For those who suffer from an addiction that they fear will impact their family, there are options out there. For example, family therapy in North Carolina is a great option for those who are worried about passing their addiction onto their children or for those who already have.

However, that begs the question: is addiction really genetic? Can a parent really pass addiction onto their children? 

What Factors Contribute to Addiction?

There are many factors that play a role in whether or not someone will develop an addiction. Amongst families, genetics isn’t the only factor at play. One’s environment growing up and whether or not they experienced trauma at a young age also play a part in potential risk. 

Genetic Factors

When you look at genetics and whether or not alcoholism can truly be inherited, many studies suggest that the answer is yes. However, just because your parent has an addiction to drugs or alcohol, doesn’t mean that you’re automatically going to have an addiction as their child. Having a blood relative that has struggled with addiction simply puts you at a higher risk of developing an addiction. Some studies believe that this is because of an “addictive nature” which can be hereditary. 

Environmental Factors

The type of home you grow up in also plays a huge part in your risk. For example, if you constantly see your parents drinking or using drugs, you may believe that these are safe activities for you to take part in and follow in their footsteps. You may not be as aware of the risks of alcohol or drugs. However, if you have hyper-vigilant parents who talk to you about addiction or attend family therapy with you, you may be able to reduce this risk. 

Traumatic Factors

Experiencing trauma at a young age also increases one’s risk of developing an addiction later in life. Those who experience trauma because of a parent with an addiction may be more likely or less likely to develop an addiction depending on their reaction to the trauma. For example, many fight even harder to stay away from substances because of the way they were treated by an addicted relative.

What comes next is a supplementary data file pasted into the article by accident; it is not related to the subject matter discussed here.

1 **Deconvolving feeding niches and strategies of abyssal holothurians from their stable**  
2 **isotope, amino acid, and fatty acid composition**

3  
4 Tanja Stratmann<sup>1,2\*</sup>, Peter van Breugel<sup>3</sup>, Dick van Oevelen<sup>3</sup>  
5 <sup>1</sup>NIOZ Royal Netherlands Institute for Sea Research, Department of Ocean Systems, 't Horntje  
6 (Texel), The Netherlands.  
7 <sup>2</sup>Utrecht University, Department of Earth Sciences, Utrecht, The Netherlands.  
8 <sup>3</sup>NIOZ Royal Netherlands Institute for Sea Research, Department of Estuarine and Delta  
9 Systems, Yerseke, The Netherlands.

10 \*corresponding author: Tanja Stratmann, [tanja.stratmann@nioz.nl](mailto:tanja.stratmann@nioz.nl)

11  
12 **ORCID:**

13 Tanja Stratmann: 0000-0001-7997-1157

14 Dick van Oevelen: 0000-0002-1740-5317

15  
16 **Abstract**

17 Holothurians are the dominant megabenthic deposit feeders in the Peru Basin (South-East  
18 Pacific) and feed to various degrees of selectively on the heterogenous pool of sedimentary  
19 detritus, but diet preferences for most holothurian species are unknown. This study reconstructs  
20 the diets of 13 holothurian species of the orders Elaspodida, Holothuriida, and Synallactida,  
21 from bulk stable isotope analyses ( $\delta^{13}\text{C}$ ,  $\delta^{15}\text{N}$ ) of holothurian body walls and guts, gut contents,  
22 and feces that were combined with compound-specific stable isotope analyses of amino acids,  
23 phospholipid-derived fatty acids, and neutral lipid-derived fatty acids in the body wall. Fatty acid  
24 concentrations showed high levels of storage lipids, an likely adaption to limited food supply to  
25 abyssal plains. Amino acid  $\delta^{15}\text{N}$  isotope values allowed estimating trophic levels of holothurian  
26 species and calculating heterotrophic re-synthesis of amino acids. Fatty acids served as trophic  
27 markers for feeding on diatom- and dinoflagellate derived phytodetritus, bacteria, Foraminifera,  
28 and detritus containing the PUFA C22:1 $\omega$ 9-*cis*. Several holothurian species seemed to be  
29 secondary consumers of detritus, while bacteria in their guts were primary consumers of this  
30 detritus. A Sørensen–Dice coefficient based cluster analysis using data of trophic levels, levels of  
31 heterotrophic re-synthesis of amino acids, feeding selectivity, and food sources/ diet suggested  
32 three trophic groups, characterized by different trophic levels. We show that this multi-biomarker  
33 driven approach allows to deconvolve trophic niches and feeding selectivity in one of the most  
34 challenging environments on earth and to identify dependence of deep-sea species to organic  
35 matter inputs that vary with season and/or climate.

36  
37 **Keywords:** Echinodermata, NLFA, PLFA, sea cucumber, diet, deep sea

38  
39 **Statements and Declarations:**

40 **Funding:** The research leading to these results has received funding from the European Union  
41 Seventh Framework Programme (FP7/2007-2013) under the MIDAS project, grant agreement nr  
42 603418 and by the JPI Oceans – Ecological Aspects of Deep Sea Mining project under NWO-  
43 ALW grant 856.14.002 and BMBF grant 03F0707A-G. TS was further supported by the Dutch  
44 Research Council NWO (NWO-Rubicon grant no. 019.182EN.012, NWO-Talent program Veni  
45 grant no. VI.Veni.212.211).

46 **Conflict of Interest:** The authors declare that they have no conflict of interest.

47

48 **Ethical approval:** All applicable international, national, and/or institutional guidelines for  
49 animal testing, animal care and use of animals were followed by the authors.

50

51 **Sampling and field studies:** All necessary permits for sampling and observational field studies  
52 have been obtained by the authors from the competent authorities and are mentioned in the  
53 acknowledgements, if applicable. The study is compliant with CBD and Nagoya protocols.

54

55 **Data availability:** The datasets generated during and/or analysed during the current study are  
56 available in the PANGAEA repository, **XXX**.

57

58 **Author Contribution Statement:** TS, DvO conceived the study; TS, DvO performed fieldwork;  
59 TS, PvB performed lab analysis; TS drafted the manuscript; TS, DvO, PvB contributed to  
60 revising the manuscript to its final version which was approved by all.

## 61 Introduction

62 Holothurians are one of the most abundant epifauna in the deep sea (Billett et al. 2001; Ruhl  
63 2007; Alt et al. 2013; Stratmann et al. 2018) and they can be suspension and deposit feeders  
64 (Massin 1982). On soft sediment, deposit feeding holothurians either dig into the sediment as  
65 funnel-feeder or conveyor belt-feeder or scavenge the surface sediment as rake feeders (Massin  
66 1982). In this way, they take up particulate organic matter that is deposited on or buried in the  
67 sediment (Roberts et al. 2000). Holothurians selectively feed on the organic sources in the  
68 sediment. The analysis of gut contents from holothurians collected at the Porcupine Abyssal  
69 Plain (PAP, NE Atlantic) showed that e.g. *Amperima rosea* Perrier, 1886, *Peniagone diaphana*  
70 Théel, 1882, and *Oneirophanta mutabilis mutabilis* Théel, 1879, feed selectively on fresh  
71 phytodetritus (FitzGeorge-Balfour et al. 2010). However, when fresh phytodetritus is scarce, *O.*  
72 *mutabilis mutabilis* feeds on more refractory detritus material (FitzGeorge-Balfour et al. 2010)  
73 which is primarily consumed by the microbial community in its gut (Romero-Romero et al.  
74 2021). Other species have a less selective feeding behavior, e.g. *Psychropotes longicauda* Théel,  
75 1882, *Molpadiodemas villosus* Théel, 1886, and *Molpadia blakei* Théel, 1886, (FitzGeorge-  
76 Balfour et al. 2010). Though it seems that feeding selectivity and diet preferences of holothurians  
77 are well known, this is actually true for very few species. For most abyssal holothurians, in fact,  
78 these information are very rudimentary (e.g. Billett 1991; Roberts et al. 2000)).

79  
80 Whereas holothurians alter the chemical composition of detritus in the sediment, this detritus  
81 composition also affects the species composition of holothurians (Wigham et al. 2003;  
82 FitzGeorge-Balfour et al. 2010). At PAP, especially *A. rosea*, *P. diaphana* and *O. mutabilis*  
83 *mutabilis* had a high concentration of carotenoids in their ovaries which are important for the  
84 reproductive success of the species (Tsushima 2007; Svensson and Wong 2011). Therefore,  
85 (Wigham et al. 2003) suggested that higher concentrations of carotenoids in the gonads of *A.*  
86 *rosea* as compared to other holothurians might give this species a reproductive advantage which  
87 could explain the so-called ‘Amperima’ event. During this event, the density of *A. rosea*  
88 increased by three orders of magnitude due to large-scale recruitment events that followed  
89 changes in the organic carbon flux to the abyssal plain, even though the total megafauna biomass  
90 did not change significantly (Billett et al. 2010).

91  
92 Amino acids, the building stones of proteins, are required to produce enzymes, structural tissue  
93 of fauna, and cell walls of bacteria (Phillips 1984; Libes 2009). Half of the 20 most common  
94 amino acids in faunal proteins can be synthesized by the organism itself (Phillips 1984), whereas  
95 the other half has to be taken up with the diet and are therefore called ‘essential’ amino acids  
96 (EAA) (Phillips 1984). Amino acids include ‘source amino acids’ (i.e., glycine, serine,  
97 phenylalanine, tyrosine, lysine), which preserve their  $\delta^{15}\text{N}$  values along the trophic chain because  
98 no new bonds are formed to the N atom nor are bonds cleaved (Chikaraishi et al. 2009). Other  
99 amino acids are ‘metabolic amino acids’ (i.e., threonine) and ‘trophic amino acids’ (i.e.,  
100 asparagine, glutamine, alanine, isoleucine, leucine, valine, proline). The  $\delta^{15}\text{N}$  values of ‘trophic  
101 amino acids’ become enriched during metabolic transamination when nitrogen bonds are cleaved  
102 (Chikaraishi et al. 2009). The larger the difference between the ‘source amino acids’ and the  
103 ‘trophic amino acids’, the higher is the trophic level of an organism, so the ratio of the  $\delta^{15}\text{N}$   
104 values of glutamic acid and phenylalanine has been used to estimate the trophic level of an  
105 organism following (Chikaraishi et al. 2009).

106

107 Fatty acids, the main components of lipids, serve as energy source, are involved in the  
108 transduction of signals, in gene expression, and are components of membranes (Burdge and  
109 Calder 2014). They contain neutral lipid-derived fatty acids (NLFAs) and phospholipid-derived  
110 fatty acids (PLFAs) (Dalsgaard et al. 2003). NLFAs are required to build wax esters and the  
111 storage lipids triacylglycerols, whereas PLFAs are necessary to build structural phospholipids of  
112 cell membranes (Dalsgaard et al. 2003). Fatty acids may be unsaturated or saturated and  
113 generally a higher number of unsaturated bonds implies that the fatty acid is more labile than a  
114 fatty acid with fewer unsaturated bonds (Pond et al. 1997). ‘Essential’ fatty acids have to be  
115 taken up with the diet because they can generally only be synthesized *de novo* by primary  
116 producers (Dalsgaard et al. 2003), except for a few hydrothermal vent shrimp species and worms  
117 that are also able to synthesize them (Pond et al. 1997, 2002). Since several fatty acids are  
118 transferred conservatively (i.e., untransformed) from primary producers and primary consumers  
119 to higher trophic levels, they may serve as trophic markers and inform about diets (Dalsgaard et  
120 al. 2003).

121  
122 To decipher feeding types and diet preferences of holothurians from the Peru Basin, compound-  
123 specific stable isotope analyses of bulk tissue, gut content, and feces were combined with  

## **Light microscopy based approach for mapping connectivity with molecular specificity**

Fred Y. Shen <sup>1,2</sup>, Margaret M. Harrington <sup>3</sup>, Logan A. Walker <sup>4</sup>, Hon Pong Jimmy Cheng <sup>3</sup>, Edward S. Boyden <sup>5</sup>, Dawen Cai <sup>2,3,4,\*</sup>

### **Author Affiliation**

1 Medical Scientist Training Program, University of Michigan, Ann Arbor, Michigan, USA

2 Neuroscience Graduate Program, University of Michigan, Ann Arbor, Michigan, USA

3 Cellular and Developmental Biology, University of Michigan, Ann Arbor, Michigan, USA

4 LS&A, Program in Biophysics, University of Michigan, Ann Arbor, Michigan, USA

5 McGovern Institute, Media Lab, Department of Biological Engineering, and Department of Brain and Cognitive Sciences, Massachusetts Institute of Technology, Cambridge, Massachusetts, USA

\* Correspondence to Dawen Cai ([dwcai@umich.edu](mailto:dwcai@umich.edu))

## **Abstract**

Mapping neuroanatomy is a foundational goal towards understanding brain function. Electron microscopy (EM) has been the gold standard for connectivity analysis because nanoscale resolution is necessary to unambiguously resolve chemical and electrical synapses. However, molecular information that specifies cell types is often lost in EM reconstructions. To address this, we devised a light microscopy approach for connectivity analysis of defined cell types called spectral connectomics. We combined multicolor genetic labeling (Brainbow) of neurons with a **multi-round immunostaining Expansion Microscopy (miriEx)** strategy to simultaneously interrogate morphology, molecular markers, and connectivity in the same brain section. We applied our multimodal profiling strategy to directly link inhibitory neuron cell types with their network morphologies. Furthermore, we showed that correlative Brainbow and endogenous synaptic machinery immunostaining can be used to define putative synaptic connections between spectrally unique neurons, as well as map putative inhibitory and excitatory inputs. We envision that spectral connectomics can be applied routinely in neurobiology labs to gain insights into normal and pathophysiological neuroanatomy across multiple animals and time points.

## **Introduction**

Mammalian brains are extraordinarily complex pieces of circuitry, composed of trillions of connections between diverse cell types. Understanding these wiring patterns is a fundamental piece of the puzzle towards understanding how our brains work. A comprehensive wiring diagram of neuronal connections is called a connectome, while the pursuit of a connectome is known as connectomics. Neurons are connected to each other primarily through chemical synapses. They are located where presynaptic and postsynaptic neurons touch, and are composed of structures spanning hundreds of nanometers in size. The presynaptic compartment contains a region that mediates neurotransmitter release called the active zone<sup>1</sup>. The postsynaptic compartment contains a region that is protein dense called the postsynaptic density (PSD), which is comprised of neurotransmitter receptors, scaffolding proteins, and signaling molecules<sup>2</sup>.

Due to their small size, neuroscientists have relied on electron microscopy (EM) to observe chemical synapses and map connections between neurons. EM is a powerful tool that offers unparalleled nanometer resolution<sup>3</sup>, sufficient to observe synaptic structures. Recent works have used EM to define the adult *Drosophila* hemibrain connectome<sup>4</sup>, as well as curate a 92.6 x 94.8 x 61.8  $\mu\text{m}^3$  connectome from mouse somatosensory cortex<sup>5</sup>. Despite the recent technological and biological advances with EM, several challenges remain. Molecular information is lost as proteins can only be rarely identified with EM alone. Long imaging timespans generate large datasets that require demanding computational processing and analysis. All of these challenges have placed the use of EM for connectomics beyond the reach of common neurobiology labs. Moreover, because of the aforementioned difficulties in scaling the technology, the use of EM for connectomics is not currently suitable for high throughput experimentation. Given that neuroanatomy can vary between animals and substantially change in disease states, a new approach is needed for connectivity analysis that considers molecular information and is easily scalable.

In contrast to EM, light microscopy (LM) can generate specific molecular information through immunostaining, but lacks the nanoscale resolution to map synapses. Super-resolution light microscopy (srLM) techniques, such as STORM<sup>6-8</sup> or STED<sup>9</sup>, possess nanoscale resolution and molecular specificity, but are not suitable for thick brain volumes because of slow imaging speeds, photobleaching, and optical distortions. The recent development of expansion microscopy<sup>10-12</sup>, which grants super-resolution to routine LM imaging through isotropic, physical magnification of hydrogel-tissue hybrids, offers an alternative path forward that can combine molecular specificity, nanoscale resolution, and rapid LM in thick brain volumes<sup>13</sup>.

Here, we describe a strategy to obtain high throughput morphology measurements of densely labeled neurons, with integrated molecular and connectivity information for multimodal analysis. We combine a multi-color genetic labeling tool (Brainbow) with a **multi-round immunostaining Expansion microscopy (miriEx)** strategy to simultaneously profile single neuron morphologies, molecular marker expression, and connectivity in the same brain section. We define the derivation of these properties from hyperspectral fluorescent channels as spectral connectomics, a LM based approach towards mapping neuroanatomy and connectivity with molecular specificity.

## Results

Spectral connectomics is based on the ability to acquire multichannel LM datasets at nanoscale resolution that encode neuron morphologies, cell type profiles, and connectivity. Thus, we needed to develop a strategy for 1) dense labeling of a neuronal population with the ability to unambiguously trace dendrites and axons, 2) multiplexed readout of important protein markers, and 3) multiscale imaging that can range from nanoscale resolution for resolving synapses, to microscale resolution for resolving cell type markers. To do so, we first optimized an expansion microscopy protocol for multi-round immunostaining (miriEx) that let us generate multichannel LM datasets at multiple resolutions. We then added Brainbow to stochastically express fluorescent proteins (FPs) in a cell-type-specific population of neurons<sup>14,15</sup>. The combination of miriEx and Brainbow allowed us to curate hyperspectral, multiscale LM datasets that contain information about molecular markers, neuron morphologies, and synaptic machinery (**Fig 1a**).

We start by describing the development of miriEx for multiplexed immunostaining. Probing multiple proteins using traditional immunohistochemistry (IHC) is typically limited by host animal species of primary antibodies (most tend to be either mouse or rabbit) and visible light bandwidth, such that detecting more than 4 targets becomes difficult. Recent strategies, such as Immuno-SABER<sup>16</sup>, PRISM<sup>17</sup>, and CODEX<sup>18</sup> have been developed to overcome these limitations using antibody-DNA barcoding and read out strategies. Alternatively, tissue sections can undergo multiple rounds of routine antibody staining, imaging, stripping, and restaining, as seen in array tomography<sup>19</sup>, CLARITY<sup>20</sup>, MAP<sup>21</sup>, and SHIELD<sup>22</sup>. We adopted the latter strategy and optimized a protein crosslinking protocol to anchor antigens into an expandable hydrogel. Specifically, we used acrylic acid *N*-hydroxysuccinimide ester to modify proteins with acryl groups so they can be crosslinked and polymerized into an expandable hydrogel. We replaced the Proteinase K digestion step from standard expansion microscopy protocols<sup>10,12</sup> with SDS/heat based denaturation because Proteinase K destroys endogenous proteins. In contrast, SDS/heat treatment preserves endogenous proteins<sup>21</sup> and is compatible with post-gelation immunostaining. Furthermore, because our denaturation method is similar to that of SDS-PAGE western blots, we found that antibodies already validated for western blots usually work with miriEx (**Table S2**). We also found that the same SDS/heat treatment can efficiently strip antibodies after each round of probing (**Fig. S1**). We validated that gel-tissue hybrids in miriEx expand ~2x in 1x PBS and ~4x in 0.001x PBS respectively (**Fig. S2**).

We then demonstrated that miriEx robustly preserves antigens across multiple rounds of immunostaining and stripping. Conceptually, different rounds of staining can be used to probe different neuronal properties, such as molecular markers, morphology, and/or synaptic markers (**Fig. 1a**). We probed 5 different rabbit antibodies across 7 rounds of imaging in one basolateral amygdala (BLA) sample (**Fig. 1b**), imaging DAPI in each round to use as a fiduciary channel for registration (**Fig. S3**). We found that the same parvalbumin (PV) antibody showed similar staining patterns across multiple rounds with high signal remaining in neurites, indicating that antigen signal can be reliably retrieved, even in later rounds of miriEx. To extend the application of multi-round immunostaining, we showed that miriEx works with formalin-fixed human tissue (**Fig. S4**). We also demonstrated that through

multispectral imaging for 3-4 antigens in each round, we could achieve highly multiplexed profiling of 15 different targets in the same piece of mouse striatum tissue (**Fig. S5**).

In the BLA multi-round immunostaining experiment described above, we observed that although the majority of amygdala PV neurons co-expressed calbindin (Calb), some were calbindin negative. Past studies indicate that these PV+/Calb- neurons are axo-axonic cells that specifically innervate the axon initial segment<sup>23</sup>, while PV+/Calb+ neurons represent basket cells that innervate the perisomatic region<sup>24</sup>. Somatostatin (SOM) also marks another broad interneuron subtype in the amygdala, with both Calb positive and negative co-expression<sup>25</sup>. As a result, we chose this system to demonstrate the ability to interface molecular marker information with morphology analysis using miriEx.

How to Prepare Your Family for Addiction 

If you suffer from an addiction and you’re worried about your children developing an addiction as they age, the best thing you can do is talk to them. Once you’ve started recovering from your addiction, you should keep an open line of communication with your children about addiction. Allow them to ask questions, and educate them about the dangers of certain substances. Family therapy can also help to ease any worries you or your children may have. 

As your children grow into adulthood, they may find it helpful to speak with a therapist as well, especially if they’re worried about their personal addiction risk. 

During family therapy, patients are allowed to speak freely about their addiction and how it’s affected their lives. Children and relatives are encouraged to ask questions and share their own stories. For example, children may speak about how their parents’ addiction has affected their childhood. Being able to share these stories and struggles can help families move forward. 

Try Family Therapy in North Carolina

If you or a loved one is struggling with addiction, you might want to try family therapy. There are many centers that offer family therapy in North Carolina, including Asheville Recovery Center. To learn more about our treatment programs and how you can work with your family, give us a call anytime to speak with a specialist. We’re eager to answer any questions you may have. 

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